Vice President and Mrs. Cheney Cut Ribbon to Inaugurate Cardiovascular Institute at GW

FOR IMMEDIATE RELEASE July 30, 2007 Contact: Anne Banner 202-994-2261


WASHINGTON, DC—Today, Vice President Richard Cheney and his wife Lynne participated in a ribbon cutting ceremony to inaugurate the Cheney Cardiovascular Institute at The George Washington University. They were joined by the Institute’s Board of Directors, medical professionals and faculty, administrative staff and by leaders of The George Washington University.

“The Cheney Cardiovascular Institute is an asset to the University. The Institute has enabled us to continue our research leading to improved treatment and prevention of cardiovascular disease. Providing the newest developments and highest quality of care to our patients is our ultimate goal,” said Dr. Richard J. Katz, director of the Institute, director of the Division of Cardiology and Bloedorn Professor of Cardiology.

The Institute seeks to provide an interdisciplinary structure—including cardiology, radiology, cardiovascular surgery, biochemistry, molecular biology and pharmacology—by integrating basic and clinical investigators, clinicians, medical educators, health policy experts and community leaders.

“The cross-disciplinary collaborative approach within the Cheney Cardiovascular Institute facilitates meaningful research, education and community outreach,” said Dr. Jonathan S. Reiner, director of the Cardiac Catheterization Laboratory at The George Washington University Hospital and professor of Medicine at The George Washington University Medical Center.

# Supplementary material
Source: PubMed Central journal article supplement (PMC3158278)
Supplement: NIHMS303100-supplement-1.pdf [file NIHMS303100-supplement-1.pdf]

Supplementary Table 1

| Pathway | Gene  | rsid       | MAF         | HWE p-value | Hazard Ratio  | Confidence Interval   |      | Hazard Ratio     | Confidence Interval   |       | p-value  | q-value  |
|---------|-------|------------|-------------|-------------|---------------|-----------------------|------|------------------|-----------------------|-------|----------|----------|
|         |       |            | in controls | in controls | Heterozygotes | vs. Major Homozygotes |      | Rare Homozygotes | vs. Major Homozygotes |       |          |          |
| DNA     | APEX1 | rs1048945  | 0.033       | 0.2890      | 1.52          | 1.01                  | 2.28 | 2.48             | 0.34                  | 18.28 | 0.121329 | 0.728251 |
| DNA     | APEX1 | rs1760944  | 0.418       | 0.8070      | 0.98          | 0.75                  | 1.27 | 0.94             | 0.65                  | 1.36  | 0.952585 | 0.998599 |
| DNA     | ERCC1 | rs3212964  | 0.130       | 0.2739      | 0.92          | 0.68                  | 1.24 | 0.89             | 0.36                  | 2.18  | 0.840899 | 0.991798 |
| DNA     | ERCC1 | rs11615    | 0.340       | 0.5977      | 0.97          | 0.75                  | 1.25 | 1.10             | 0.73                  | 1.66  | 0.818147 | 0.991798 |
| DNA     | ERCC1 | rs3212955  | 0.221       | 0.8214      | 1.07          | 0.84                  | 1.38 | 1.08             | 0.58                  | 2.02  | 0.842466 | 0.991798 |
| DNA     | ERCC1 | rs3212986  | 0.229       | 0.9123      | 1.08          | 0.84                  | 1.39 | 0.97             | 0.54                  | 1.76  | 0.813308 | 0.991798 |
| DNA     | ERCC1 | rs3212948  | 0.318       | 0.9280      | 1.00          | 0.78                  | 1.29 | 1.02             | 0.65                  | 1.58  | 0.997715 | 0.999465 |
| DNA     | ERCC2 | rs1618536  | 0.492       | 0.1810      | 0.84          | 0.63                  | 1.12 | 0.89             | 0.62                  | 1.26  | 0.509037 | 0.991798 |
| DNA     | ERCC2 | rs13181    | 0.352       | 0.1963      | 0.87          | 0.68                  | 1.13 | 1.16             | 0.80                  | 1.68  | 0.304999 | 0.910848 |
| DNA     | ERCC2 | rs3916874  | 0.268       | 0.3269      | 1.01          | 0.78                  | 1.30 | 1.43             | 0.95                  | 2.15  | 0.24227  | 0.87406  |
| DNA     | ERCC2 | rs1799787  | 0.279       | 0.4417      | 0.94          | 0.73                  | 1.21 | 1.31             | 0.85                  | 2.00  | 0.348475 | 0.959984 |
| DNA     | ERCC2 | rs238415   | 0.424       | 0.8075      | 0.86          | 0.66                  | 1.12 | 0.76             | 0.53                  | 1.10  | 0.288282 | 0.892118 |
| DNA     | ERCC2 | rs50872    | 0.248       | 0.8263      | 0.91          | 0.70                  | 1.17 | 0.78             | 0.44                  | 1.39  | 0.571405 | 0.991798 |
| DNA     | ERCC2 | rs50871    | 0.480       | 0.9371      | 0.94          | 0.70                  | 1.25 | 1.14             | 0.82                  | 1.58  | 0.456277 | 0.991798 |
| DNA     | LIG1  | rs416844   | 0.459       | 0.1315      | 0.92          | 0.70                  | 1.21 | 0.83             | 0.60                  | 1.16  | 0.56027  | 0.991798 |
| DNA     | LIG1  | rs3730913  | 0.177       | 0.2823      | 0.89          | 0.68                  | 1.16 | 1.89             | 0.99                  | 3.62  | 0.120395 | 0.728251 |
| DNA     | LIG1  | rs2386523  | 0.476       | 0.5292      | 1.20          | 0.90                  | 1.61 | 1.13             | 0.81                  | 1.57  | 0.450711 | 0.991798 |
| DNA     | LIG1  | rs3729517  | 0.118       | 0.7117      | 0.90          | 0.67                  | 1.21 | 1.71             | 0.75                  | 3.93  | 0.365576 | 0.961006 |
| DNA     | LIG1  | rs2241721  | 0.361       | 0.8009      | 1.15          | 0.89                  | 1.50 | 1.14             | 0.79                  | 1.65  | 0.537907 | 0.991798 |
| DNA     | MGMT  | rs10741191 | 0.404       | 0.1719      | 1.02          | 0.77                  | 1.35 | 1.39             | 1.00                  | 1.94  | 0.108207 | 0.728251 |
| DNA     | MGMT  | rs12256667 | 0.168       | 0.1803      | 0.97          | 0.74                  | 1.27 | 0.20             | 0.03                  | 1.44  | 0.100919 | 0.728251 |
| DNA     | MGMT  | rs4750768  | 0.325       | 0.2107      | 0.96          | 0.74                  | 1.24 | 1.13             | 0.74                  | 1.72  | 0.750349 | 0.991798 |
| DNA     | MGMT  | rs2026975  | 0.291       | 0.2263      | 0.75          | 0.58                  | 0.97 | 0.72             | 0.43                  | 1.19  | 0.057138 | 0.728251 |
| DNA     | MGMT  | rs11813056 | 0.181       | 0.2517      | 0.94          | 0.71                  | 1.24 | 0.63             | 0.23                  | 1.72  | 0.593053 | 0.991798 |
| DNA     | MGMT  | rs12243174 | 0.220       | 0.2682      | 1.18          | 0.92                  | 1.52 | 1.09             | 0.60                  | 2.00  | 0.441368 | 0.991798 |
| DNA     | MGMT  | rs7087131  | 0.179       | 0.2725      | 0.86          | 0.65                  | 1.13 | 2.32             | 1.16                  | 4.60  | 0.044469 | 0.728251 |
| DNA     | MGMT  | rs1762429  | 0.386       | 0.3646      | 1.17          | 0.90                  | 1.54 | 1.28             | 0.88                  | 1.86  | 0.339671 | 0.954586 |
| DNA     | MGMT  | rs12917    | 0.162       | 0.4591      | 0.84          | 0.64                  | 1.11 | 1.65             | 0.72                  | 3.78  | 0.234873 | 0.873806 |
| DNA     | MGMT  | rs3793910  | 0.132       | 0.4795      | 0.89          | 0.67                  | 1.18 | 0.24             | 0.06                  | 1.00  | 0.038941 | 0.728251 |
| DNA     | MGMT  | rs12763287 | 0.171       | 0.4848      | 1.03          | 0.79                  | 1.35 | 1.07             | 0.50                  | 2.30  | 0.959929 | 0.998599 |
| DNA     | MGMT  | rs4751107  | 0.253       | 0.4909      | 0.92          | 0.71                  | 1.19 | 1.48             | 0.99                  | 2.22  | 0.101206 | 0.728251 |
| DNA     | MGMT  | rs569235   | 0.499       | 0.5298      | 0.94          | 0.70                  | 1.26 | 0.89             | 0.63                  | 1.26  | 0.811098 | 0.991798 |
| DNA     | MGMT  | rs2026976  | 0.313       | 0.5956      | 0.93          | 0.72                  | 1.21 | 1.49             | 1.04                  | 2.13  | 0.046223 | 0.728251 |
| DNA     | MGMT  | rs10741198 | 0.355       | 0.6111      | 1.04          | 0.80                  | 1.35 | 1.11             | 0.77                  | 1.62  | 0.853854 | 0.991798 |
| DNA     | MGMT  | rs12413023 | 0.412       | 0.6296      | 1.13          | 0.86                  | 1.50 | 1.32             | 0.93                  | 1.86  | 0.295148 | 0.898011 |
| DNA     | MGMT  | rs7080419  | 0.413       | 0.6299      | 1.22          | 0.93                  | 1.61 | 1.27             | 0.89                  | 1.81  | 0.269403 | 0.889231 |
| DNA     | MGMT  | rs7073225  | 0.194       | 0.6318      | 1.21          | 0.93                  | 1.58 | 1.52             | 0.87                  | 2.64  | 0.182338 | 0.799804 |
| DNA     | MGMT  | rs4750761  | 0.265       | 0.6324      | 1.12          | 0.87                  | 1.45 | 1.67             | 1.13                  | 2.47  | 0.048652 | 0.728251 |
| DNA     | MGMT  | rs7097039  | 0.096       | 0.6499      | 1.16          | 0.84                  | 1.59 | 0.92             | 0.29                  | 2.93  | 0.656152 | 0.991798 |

For its initial community outreach effort, the Institute is funding a major project to empower patients to better control their blood pressure. People with high blood pressure, or hypertension, usually don’t have any initial symptoms, and may not realize they have a problem until it leads to a stroke or a heart attack. This is particularly problematic in low-income communities, where the incidence of cardiovascular disease tends to be higher and access to quality care is more limited. The project is based on the premise that home-based blood pressure monitors, combined with nurse telephone monitoring can improve compliance and ultimately outcomes in hypertensive patients.

“We’re honored to be able to help an institution making significant progress in cardiology and grateful for the top-notch care GWU hospital has provided our family.  We know that the discoveries of today will help many people tomorrow,” said Vice President Cheney.

About the Cheney Cardiovascular Institute
The Cheney Cardiovascular Institute at The George Washington University was established in 2006. The Institute’s mission is to promote clinical research, education, patient care and community service with the goal of accelerating the pace of scientific discovery, reducing mortality and improving the quality of life of Americans with cardiovascular disease. To achieve these goals, the Institute seeks to provide an interdisciplinary structure to integrate basic and clinical investigators, clinicians, medical educators, health-policy experts, and community leaders. For more information, please visit: www.gwheartandvascular.org.